your good friends, Mr. and Mrs. Guppy, have shown to me, and I have felt quite ashamed of the quantity of their time I have taken up. Besides morning calls and a walk, they have given me three séances (all to myself) and have most kindly promised to give me a fourth and last this evening, as tomorrow morning I start on my road northwards.

“At the first séance there was nothing but raps-questions were replied to; two of which much surprised me, as they were only asked mentally. A remedy was indicated for an affection of the teeth, which I have tried and believe will prove efficacious.

“ At the second séance (the first dark one I ever attended) flowers were produced. The door was locked, the room

searched, and all requisite precautions taken. I was not surprised, because of all I had heard from you and others; but the phenomenon was to me convincing. One such fact is as good as a hundred.

“At the third séance (last night) I preferred to ask questions to having a repetition of the flowers. The value of the answers received time may show. I have received a wrong answer (as to a person being tall), also as to there being a letter awaiting me at my hotel. Altogether the conclusions I have arrived at are as follows:

“I. I have encountered a power capable of removing sensible objects in a way altogether new to me.

“II. I have encountered an intelligence other than that of the visible assistants.

“III. In my séances this intelligence has shown itself capable of reading my thought, but yet either liable to fall into error or else not strictly truthful.

“IV. It has been sometimes capricious, saying it will not do what it has afterwards done, and that it will do what, nevertheless, it has failed to perform.

"I am precluded from saying how much I like your friends, because I think this letter is to be read by them; but I am not precluded from thanking you, my dear Wallace, for the introduction, which I do very heartily, remaining always,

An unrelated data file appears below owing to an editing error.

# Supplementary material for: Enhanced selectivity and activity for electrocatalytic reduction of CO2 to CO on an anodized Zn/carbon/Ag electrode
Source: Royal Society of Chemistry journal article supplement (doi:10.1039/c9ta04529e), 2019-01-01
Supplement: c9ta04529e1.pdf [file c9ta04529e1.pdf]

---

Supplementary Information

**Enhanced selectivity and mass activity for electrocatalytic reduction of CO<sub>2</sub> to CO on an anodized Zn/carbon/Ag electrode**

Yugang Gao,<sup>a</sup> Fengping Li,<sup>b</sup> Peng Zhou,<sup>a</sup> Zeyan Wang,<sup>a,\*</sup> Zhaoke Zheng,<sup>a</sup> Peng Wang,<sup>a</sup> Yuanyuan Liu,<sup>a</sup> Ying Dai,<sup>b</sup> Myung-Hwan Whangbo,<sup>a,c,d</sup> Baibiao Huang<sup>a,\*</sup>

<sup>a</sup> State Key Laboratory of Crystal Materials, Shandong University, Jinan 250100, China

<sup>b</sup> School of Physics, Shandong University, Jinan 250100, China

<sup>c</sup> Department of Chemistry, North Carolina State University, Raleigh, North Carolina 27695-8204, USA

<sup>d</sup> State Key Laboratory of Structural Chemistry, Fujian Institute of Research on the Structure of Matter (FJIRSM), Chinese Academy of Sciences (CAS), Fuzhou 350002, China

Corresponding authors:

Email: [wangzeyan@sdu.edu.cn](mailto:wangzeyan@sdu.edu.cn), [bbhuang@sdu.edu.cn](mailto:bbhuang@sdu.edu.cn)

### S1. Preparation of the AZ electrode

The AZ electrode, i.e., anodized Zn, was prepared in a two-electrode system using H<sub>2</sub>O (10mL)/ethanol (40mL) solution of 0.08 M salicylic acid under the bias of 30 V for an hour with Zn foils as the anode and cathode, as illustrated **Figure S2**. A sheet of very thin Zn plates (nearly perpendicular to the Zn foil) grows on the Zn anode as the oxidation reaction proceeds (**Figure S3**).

“ Yours very truly,


I was somewhat surprised at Mivart's appreciation of the Guppys, because of the great contrast between them : he extremely refined in speech and manners, and somewhat fastidious in his acquaintances; they both rather brusque and utterly unconventional; yet he evidently recognized in them a straightforwardness of character, kindness of heart, love of truth, and earnestness of purpose, which are vastly more important than any amount of superficial polish. I may here note that he would probably have had more satisfactory

results if he had allowed the powers at work to take their own course, instead of attempting to limit the phenomena to answering questions—a form of mediumship which, so far as I remember, was never very prominent or successful with Mrs. Guppy. This is the great fault of all beginners. Instead of being content for a time to observe only what happens, they almost always want certain phenomena which alone will satisfy them; acting on the tacit assumption that all mediums and all preterhuman intelligences are able to produce at will all the various classes of phenomena. Those who follow the more scientific method of beginning with observation only~ which, strange to say, the scientific men are hardly ever willing to do-almost always find that their early doubts and suspicions are, one by one, shown to be unfounded, through the occurrence of phenomena which seem specially adapted to answer them.

A few years later my friend visited Lourdes, in order to inquire on the spot as to the marvellous cures said to be effected there, and, if possible, to see some of them himself. While there he wrote me a very interesting letter, giving some account of his inquiries, which, being a Catholic, a wellknown writer, and a good French scholar, he had facilities for pursuing which the ordinary English tourist or reporter does not possess. I give here the more important parts of this letter, dated April 5, 1874.

After referring to my Fortnightly Review article which I had told him I was writing, he continues, “We are here in a charming country and quiet, pleasant old town, at this season almost empty of visitors. We are here also, as you are, no doubt, fully aware, at the headquarters of a whole series of alleged modern miracles performed, as asserted, through the water which suddenly began to flow while Bernadette Soubirons was in an ecstatic state in the presence, as she affirms, of an apparition of the B.V.M. [Blessed Virgin Mary].

“I have made such inquiries as I have been able, and find that here, on the spot, the miracles are fully believed in. The clergy were for a long time opposed to the whole thing, and the bishop had to be morally forced to institute an